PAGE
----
It is down to governments to make it mandatory for film studios – especially Hollywood ones – to hire unionised crews and abide by their rules in order to benefit from the cash rebates. They could even start by sharing the rebates given to foriegn productions with local crews, by offering them tax incentives to keep working in the film industry. 

Hollywood operates in a non-unionised territory to take advantage of vulnerable workers- Matthew Maggi

Hollywood is not the only culprit but it is the LA studios that run the largest productions. Problems on a small-budget local productions are understandable: worker abuse on a $100 million movie is not.

Hollywood’s act as the moral authority on fairness and equal working rights is sheer hypocrisy. The hypocrisy in this runs all the way from executive producers to actors, who may themselves have as much of a financial interest in a production as any investor.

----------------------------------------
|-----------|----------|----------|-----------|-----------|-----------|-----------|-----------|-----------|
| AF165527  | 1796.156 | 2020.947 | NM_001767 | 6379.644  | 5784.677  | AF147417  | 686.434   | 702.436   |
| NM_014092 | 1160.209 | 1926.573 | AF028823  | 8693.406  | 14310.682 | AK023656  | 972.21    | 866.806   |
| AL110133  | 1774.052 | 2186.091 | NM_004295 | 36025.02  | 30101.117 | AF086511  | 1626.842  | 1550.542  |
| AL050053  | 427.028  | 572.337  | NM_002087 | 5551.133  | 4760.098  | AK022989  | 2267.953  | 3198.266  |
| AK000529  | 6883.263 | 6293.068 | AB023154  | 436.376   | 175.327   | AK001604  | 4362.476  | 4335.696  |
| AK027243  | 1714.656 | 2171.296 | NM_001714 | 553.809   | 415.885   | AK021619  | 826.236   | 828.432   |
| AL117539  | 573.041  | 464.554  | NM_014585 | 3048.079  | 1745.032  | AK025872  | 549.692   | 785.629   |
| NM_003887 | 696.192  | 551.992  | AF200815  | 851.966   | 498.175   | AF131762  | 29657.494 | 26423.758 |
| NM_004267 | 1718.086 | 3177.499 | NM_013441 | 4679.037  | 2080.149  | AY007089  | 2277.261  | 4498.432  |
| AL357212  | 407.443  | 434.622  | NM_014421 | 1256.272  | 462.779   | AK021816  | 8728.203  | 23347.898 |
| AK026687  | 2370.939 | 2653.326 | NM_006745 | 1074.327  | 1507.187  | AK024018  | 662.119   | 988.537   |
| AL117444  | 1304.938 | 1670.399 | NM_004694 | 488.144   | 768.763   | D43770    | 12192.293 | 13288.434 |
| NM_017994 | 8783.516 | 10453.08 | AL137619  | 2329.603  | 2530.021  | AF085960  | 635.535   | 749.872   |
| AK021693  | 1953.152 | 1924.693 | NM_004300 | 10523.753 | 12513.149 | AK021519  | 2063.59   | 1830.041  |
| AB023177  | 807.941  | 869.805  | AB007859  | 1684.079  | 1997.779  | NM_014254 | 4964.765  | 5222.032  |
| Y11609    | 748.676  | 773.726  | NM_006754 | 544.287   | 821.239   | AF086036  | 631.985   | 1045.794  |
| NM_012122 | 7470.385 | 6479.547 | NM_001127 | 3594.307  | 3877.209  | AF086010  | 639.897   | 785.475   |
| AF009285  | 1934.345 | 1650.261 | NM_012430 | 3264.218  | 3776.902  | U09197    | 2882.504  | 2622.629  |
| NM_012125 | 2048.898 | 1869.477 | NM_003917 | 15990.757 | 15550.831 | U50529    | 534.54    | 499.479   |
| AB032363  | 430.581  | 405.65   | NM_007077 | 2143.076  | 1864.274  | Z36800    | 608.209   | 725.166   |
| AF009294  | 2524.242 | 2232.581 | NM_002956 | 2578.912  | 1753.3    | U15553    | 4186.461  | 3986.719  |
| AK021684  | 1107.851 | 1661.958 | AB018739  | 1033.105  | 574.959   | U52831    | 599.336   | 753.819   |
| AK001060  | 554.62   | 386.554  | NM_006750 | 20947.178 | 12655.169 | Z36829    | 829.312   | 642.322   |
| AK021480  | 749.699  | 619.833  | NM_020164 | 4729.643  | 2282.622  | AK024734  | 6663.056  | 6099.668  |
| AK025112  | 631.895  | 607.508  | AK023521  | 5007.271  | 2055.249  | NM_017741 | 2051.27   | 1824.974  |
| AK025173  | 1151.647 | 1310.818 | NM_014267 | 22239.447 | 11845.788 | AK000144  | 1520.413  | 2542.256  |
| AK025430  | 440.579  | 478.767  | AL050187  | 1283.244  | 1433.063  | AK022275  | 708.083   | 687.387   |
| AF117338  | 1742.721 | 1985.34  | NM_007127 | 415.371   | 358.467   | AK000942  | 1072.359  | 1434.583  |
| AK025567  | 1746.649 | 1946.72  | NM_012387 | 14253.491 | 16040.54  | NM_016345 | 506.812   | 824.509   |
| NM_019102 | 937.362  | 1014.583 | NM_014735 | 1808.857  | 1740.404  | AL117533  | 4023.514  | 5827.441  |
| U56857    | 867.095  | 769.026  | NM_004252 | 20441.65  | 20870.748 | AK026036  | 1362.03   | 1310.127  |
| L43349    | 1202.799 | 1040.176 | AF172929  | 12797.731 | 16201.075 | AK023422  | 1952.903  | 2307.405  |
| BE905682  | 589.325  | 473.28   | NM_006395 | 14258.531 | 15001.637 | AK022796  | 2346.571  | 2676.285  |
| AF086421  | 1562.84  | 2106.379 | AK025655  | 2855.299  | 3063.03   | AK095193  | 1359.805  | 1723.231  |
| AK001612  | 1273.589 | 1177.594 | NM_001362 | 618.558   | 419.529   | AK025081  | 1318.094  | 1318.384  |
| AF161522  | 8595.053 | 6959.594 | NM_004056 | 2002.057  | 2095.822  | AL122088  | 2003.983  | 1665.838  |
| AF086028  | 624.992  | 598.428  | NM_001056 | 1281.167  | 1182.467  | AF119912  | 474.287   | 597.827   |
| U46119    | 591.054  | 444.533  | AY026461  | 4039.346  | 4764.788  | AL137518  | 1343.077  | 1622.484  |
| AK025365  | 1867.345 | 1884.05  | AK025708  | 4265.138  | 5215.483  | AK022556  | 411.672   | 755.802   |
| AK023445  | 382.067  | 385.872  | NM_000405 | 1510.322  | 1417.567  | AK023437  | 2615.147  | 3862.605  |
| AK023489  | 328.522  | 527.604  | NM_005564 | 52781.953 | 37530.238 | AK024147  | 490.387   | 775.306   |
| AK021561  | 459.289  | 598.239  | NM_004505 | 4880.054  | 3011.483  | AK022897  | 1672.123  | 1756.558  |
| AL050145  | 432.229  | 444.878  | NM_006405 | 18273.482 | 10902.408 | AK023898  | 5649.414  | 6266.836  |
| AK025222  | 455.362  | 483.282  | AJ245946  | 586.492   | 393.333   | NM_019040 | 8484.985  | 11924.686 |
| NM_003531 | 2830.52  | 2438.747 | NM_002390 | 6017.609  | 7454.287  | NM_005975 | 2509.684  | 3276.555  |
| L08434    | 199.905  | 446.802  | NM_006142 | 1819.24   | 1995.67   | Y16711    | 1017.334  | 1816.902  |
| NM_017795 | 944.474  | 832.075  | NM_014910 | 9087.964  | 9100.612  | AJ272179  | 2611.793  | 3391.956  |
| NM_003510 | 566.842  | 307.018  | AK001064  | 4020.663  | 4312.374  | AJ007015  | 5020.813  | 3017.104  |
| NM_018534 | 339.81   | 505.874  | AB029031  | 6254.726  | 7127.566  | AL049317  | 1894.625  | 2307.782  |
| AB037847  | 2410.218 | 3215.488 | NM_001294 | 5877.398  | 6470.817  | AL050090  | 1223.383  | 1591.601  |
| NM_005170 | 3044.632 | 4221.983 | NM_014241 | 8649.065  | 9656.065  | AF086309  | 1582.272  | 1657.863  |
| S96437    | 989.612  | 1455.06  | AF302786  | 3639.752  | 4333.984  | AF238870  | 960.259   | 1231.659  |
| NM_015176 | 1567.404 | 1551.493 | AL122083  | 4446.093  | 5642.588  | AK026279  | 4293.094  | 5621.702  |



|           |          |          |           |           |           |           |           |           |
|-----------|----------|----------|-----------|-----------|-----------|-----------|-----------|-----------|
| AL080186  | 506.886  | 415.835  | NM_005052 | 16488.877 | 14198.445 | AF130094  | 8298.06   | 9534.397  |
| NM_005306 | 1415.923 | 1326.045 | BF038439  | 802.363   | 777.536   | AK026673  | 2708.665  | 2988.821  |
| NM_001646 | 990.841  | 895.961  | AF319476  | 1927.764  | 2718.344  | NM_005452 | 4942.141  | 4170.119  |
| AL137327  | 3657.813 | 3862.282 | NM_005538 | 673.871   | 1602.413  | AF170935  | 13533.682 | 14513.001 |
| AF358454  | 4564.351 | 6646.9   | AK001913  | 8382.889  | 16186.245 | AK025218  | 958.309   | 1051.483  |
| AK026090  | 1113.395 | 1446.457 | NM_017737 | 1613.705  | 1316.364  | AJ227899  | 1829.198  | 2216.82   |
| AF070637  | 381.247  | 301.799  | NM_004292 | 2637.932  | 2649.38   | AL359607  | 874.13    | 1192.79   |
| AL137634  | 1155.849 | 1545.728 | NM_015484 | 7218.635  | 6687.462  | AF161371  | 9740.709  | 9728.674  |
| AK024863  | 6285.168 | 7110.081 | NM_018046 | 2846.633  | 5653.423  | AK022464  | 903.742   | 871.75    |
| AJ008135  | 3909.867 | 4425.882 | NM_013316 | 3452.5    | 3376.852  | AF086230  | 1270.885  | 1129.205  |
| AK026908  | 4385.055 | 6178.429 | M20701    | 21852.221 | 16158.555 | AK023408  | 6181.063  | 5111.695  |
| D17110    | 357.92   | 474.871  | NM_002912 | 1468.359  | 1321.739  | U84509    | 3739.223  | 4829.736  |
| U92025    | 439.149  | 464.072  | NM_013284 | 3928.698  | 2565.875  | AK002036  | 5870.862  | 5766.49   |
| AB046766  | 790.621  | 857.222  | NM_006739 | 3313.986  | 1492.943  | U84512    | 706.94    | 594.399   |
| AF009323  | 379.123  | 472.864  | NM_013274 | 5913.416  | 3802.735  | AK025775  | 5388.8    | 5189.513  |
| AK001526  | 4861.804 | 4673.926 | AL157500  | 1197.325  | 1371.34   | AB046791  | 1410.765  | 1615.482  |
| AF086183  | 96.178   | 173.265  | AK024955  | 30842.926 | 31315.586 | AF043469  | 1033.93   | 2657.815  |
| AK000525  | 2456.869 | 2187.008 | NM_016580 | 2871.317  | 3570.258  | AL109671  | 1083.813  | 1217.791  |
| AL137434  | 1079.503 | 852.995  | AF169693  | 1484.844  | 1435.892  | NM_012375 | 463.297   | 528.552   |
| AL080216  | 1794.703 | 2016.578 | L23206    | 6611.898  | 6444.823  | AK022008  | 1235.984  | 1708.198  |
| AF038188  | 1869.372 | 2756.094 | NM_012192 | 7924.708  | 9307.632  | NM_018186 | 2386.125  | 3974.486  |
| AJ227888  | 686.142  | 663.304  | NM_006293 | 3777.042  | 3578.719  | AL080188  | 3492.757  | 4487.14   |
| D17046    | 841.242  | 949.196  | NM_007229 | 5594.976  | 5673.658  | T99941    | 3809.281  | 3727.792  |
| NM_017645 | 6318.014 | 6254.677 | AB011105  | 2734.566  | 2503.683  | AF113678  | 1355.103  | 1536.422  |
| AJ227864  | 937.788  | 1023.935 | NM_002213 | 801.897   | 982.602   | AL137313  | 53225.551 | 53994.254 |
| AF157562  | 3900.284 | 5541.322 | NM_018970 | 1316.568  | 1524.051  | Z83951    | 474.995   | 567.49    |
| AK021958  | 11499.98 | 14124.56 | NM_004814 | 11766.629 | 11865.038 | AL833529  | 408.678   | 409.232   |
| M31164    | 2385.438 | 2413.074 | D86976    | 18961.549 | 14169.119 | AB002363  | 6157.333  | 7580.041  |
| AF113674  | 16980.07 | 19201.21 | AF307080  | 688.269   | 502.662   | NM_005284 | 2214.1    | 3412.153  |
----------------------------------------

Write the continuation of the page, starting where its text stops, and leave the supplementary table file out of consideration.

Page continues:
The employers in the industry: production companies, producers and, sometimes, main actors, who can also be executive producers, are just as liable as any other employer in any sector. And cutting corners when it comes to employers comes with risks: look at what happened on a production called Rust.

Film stars work hard to project a likeable public image but many turn a blind eye to the working conditions of crews they rely on. Ignorance is not bliss.

Big names keep getting bigger cheques. Hollywood thrives on protecting the stars’ vanity, often at the expense of workers’ livelihoods and dignity.